Riboflavin is a B vitamin. It can be found in certain foods such as milk, meat, eggs, nuts, enriched flour, and green vegetables. Riboflavin is frequently used in combination with other B vitamins in vitamin B complex products. Vitamin B complex generally includes vitamin B1 (thiamine), vitamin B2 (riboflavin), vitamin B3 (niacin/niacinamide), vitamin B5 (pantothenic acid), vitamin B6 (pyridoxine), vitamin B12 (cyanocobalamin), and folic acid. However, some products do not contain all of these ingredients and some may include others, such as biotin, para-aminobenzoic acid (PABA), choline bitartrate, and inositol.
Riboflavin is used for preventing low levels of riboflavin (riboflavin deficiency), cervical cancer, and migraine headaches. It is also used for treating riboflavin deficiency, acne, muscle cramps, burning feet syndrome, carpal tunnel syndrome, and blood disorders such as congenital methemoglobinemia and red blood cell aplasia. Some people use riboflavin for eye conditions including eye fatigue, cataracts, and glaucoma.
Other uses include increasing energy levels; boosting immune system function; maintaining healthy hair, skin, mucous membranes, and nails; slowing aging; boosting athletic performance; promoting healthy reproductive function; canker sores; memory loss, including Alzheimer's disease; ulcers; burns; alcoholism; liver disease; sickle cell anemia; and treating lactic acidosis brought on by treatment with a class of AIDS medications called NRTI drugs.
How it works
Riboflavin is required for the proper development and function of the skin, lining of the digestive tract, blood cells, and many other parts of the body.
EffectivePreventing and treating riboflavin deficiency and conditions related to riboflavin deficiency
Riboflavin is LIKELY SAFE for most people when taken by mouth. In some people, riboflavin can cause the urine to turn a yellow-orange color. When taken in high doses, riboflavin might cause diarrhea, an increase in urine, and other side effects.
Pregnancy and breast-feeding: Riboflavin isLIKELY SAFEfor pregnant orbreast-feeding women when taken in the amounts recommended. The recommended amounts are 1.4 mg per day for pregnant women and 1.6 mg per day in breast-feeding women. Riboflavin isPOSSIBLY SAFEwhen taken by mouth in larger doses, short-term. Some research shows that riboflavin is safe when taken at a dose of 15 mg once every 2 weeks for 10 weeks.Are there any interactions with medications?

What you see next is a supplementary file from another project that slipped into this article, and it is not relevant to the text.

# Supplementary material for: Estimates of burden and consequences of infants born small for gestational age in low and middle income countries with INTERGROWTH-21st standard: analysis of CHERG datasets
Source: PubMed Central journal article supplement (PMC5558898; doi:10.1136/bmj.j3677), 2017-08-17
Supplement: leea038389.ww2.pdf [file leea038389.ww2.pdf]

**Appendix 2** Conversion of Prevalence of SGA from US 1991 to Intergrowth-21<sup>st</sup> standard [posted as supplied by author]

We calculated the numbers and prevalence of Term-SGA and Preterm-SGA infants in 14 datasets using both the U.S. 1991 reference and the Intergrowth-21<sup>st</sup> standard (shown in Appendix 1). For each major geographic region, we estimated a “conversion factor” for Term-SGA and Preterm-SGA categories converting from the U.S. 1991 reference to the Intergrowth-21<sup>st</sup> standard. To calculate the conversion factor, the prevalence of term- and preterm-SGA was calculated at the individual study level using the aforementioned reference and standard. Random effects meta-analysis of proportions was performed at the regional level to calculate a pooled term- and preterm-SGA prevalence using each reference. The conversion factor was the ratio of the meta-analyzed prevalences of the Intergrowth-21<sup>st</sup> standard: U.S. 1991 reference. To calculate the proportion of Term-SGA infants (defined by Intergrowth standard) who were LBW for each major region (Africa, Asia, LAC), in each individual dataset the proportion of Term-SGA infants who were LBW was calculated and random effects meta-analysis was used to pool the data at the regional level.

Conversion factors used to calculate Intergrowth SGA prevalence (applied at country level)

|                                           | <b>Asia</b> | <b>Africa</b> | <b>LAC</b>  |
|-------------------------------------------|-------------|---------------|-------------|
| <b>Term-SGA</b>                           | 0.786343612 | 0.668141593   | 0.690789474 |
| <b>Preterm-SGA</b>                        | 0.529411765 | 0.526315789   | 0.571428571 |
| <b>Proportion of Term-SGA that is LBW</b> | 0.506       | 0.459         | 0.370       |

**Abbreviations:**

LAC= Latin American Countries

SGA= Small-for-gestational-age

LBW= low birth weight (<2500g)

Hepatitis, Cirrhosis, Billary obstruction: Riboflavin absorption is decreased in people with these conditions.
MinorDrying medications (Anticholinergic drugs)
Riboflavin might decrease the amount of tetracyclines that the body can absorb. Taking riboflavin along with tetracyclines might decrease the effectiveness of tetracyclines. To avoid this interaction, take riboflavin 2 hours before or 4 hours after taking tetracyclines.Some tetracyclines include demeclocycline (Declomycin), minocycline (Minocin), and tetracycline (Achromycin).Some drying medications can affect the stomach and intestines. Taking these drying medications with riboflavin (vitamin B2) can increase the amount of riboflavin that is absorbed in the body. But it's not known if this interaction is important.Medications for depression (Tricyclic antidepressants)
Some medications for depression can decrease the amount of riboflavin in the body. This interaction is not a big concern because it only occurs with very large amounts of some medications for depression.Phenobarbital (Luminal)
Riboflavin is broken down by the body. Phenobarbital might increase how quickly riboflavin is broken down in the body. It is not clear if this interaction is significant.Probenecid (Benemid)
Probenecid (Benemid) can increase how much riboflavin is in the body. This might cause there to be too much riboflavin in the body. But it's not known if this interaction is a big concern.